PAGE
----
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where N is the maturity of the bond, and t is when each coupon comes due. Holding other factors constant, the duration of a bond will increase with the maturity of the bond and decrease with the coupon rate on the bond. For example, the duration of a 7%, 30-year coupon bond, when interest rates are 8% and coupons are paid each year, can be written as follows:

Duration of 30 - year Bond =

11 This measure of duration estimated above is called Macaulay duration, and it does make same strong assumptions about the yield curve; specifically, the yield curve is assumed to be flat and move in parallel shifts. Other duration measures change these assumptions. For purposes of our analysis, however, a rough measure of duration will suffice.

What does the duration tell us? First, it provides a measure of when, on average, the cash flows on this bond come due, factoring in both the magnitude of the cash flows and the present value effects. This 30-year bond, for instance, has cash flows that come due in about 12.41 years, after considering both the coupons and the face value. Second, it is an approximate measure of how much the bond price will change for small changes in interest rates. For instance, this 30-year bond will drop in value by approximately 12.41% for a 1% increase in interest rates. Note that the duration is lower than the maturity. This will generally be true for coupon-bearing bonds, though special features in the bond may sometimes increase duration.12 For zero-coupon bonds, the duration is equal to the maturity.

This measure of duration can be extended to any asset with expected cash flows. Thus, the duration of a project or asset can be estimated in terms of its pre-debt operating cash flows:

I -.t=1 (1+ r)t (1 + r)N Duration of Project/Asset = dPV/dr = 1-1-

where CFt is the after-tax cash flow on the project in year t, the terminal value is a measure of how much the project is worth at the end of its lifetime of N years. The duration of an asset measures both when, on average, the cash flows on that asset come due, and how much the value of the asset changes for a 1% change in interest rates.

One limitation of this analysis of duration is that it keeps cash flows fixed, while interest rates change. On real projects, however, the cash flows will be adversely affected by the increases in interest rates, and the degree of the effect will vary from business to business - more for cyclical firms (automobiles, housing) and less for non-cyclical firms (food processing). Thus the actual duration of most projects will be higher than the estimates obtained by keeping cash flows constant. One way of estimating duration without depending upon the traditional bond duration measures is to use historical data. If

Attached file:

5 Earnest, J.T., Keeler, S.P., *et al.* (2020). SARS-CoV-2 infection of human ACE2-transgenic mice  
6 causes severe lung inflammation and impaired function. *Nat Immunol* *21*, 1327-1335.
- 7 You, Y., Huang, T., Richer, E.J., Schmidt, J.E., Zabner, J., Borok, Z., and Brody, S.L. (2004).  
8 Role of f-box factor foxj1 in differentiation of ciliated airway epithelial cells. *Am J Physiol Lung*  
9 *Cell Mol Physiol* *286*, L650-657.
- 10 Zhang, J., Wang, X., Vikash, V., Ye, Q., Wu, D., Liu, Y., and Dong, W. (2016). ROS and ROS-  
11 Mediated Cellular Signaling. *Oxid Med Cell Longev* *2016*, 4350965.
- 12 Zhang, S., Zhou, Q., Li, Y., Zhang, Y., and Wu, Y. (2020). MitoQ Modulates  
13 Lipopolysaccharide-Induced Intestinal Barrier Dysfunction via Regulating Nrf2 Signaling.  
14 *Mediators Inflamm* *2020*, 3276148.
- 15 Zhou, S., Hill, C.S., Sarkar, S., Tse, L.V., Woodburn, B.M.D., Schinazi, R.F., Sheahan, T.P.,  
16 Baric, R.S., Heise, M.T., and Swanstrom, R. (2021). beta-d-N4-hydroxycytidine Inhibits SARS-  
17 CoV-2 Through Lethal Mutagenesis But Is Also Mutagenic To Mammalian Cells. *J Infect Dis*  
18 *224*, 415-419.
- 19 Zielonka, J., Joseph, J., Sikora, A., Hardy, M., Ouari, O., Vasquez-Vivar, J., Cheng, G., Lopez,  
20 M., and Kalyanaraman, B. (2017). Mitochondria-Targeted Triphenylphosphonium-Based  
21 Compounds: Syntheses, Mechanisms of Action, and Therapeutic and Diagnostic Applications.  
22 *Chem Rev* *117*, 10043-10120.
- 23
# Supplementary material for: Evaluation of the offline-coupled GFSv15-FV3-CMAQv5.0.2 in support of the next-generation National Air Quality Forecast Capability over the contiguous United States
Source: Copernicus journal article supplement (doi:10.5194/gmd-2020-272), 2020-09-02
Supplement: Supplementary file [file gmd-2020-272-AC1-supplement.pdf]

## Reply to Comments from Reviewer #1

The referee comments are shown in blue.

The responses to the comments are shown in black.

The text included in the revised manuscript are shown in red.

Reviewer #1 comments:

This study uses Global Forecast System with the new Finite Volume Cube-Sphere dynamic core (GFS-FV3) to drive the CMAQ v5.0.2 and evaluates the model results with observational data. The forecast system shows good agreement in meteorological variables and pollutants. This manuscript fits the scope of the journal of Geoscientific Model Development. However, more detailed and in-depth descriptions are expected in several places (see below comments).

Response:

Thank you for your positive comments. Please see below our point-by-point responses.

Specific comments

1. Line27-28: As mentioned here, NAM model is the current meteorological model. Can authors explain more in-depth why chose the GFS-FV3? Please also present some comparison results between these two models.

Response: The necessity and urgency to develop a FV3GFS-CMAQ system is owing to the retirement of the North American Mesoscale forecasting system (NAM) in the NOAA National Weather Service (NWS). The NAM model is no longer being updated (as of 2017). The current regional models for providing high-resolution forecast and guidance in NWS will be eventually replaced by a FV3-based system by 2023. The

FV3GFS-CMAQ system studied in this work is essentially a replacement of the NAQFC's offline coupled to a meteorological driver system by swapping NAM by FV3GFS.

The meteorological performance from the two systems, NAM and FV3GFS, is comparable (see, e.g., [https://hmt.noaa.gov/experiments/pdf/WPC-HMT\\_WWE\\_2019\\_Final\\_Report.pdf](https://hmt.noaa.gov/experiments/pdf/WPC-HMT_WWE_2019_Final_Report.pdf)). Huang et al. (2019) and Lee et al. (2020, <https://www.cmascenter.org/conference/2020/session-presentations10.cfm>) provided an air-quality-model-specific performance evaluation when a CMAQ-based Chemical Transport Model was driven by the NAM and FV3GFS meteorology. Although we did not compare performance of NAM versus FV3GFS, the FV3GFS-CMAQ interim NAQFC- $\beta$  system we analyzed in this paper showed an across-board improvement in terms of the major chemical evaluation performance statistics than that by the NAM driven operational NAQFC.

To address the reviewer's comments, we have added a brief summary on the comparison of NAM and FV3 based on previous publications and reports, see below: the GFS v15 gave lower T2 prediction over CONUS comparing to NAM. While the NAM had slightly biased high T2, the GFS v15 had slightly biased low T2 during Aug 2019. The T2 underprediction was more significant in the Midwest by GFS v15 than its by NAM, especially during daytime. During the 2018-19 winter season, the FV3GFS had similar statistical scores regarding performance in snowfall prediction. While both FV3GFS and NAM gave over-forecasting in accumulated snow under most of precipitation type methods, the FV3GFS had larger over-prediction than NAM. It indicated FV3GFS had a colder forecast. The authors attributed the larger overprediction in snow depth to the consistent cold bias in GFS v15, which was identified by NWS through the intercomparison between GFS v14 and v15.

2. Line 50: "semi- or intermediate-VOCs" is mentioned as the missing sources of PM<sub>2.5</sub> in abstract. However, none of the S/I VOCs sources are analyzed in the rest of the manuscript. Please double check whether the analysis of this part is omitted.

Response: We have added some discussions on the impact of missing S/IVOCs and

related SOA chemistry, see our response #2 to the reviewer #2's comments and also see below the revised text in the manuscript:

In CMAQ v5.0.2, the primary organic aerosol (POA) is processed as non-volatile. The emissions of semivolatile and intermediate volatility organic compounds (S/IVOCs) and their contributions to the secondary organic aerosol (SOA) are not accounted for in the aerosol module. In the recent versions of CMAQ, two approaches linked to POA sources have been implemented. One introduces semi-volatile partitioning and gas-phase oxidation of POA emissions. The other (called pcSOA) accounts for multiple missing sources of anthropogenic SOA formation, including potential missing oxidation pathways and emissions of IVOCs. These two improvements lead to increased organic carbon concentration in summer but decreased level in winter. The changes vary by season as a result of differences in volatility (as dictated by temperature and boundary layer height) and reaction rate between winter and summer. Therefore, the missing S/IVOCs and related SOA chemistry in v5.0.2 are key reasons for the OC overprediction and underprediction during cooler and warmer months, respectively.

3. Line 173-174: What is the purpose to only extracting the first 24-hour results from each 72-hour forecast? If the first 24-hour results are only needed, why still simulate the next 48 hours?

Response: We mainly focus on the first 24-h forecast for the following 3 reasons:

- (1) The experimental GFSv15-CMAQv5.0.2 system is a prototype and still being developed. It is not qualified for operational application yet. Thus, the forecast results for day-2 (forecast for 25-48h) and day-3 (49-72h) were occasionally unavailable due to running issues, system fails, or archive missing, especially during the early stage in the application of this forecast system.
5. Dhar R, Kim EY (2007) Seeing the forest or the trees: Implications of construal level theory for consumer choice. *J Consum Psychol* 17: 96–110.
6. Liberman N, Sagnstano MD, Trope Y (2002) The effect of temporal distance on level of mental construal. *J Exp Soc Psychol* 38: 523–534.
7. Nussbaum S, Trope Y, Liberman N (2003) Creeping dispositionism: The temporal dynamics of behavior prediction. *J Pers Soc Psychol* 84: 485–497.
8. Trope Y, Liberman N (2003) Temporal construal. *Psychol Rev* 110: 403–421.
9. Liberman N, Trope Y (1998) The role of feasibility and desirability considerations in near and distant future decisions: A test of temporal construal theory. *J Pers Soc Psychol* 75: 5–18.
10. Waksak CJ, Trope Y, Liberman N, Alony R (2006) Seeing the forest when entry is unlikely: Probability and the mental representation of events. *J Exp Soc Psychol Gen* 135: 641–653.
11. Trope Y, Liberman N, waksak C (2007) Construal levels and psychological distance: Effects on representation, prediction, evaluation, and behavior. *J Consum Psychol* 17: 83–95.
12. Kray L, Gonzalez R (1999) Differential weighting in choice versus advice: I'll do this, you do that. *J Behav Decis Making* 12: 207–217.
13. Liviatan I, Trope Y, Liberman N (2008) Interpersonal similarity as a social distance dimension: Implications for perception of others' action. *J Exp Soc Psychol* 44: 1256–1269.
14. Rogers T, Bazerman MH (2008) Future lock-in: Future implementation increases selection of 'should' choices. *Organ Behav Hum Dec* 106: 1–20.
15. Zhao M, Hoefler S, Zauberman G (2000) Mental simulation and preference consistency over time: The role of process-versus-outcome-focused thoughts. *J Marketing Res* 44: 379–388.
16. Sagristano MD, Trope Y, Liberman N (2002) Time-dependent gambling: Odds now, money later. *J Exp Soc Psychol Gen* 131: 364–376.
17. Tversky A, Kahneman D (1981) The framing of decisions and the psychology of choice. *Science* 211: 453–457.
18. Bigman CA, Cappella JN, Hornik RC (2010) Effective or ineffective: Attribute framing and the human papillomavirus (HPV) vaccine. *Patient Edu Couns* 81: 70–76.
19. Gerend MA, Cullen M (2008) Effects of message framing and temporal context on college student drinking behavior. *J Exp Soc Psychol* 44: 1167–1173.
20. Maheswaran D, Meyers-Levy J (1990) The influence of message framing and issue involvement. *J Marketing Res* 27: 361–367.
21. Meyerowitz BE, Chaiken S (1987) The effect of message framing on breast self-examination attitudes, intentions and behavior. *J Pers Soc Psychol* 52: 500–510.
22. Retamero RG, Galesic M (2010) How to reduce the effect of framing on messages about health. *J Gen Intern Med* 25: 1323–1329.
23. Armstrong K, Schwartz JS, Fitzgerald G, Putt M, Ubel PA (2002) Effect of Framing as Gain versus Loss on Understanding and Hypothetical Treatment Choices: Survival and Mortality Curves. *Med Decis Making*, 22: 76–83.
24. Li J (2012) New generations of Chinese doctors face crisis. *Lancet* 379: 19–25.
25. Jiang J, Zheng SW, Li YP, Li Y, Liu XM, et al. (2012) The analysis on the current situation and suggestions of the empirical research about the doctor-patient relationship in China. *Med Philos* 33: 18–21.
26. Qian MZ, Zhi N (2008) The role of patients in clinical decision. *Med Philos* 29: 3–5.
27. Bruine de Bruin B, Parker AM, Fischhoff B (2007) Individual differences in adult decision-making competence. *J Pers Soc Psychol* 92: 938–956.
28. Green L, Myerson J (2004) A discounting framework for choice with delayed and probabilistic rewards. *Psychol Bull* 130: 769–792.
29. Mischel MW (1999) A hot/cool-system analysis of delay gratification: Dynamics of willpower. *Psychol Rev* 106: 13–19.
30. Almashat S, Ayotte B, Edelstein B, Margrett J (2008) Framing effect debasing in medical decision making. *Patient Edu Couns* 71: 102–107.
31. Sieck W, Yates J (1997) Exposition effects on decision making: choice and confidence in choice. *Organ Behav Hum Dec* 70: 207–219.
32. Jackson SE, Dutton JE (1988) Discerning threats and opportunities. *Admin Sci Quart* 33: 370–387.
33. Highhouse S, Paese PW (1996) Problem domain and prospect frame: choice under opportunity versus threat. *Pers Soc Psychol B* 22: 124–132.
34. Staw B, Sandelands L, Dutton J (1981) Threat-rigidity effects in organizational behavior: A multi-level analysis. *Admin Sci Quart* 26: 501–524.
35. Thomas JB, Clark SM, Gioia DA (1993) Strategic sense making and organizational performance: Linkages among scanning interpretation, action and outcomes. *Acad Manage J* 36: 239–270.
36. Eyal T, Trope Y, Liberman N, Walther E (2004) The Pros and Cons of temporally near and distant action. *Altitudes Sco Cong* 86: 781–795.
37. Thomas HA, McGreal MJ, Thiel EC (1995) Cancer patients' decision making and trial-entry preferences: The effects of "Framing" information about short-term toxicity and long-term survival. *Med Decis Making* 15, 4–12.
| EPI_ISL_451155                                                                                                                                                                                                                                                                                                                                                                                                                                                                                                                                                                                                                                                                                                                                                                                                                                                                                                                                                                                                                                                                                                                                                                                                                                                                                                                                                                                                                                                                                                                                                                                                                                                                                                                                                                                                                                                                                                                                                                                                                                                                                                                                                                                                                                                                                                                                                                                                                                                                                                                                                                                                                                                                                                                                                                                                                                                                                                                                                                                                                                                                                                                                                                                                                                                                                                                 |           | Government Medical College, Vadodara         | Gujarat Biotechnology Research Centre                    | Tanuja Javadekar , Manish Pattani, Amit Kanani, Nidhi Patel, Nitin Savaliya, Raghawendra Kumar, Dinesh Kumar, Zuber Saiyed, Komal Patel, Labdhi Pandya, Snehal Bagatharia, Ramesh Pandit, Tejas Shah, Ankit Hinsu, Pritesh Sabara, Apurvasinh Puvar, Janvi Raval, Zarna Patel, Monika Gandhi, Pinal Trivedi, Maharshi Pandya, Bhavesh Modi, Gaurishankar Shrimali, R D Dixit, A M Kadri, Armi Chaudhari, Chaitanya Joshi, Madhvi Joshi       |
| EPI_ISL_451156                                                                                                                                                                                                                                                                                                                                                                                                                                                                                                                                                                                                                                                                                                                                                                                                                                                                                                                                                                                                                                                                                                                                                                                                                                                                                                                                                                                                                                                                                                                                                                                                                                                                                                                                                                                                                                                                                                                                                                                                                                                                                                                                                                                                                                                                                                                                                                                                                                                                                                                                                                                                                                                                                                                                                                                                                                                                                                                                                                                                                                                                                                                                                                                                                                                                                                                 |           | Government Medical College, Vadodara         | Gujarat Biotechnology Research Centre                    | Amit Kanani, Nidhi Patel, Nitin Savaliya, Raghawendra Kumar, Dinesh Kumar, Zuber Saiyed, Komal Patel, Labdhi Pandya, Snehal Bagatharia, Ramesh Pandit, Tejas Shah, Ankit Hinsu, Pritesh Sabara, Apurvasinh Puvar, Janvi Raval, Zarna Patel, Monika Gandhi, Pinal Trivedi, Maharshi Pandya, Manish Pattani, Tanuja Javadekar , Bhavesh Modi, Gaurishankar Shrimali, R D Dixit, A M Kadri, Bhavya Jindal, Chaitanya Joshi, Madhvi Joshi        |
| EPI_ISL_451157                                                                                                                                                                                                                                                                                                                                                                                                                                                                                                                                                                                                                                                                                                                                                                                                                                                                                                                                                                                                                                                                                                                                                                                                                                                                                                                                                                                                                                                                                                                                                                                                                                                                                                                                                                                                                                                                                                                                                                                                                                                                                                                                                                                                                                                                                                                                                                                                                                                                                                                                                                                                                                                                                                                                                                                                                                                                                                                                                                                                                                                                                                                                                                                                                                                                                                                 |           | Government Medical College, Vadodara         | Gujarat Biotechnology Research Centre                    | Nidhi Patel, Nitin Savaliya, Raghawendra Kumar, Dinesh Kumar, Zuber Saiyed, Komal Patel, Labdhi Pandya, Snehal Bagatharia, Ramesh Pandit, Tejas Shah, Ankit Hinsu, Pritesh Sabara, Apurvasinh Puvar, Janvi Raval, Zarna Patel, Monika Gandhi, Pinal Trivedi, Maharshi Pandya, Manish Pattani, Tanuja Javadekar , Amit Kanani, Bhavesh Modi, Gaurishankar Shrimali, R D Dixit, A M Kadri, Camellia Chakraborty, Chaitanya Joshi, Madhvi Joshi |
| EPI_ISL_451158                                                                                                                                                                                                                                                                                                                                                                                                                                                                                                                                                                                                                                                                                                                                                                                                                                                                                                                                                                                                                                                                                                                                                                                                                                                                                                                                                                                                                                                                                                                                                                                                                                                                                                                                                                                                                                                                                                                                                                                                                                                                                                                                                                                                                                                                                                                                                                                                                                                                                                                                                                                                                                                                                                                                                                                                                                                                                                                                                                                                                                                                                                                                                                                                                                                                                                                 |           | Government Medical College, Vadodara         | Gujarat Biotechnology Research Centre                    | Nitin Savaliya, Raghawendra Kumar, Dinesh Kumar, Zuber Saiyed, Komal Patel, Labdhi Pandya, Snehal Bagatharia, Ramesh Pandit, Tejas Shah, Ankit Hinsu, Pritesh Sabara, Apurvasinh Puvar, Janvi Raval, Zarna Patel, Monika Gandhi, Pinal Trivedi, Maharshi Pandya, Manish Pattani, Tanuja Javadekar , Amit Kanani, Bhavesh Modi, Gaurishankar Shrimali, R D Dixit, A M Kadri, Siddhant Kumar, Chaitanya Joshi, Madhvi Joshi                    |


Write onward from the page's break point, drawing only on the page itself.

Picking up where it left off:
12 For instance, making the coupon rate floating, rather than fixed, will reduce the duration of a bond. Similarly, adding a call feature to a bond will decrease duration, while making bonds extendible will increase duration.

the duration is, in fact, a measure of how sensitive asset values are to interest rate changes, and a time series of data of asset value and interest rate changes is available, a regression of the former on the latter should yield a measure of duration:

a Asset Valuet = a + b a Interest Ratet In this regression, the coefficient ' b' on interest rate changes should be a measure of the duration of the assets. For firms with publicly traded stocks and bonds, the asset value is the sum of the market values of the two. For a private company or for a public company with a short history, the regression can be run, using changes in operating income as the dependent variable -

a Operating Income, = a + b a Interest Ratet Here again, the coefficient "b" is a measure of the duration of the assets.

Illustration 9.5: Calculating Duration for Disney Theme Park

In this application, we will calculate duration using the traditional measures for the Disney Bangkok Theme Park that we analyzed in chapter 5. The cash flows for the project are summarized in Table 9.10, together with the present value estimates, calculated using the cost of capital for this project of 10.66%.

Table 9.10: Calculating a Project's Duration: Disney Theme Park

Year

Annual Cashflow

Terminal Value

Present Value

Present value *t

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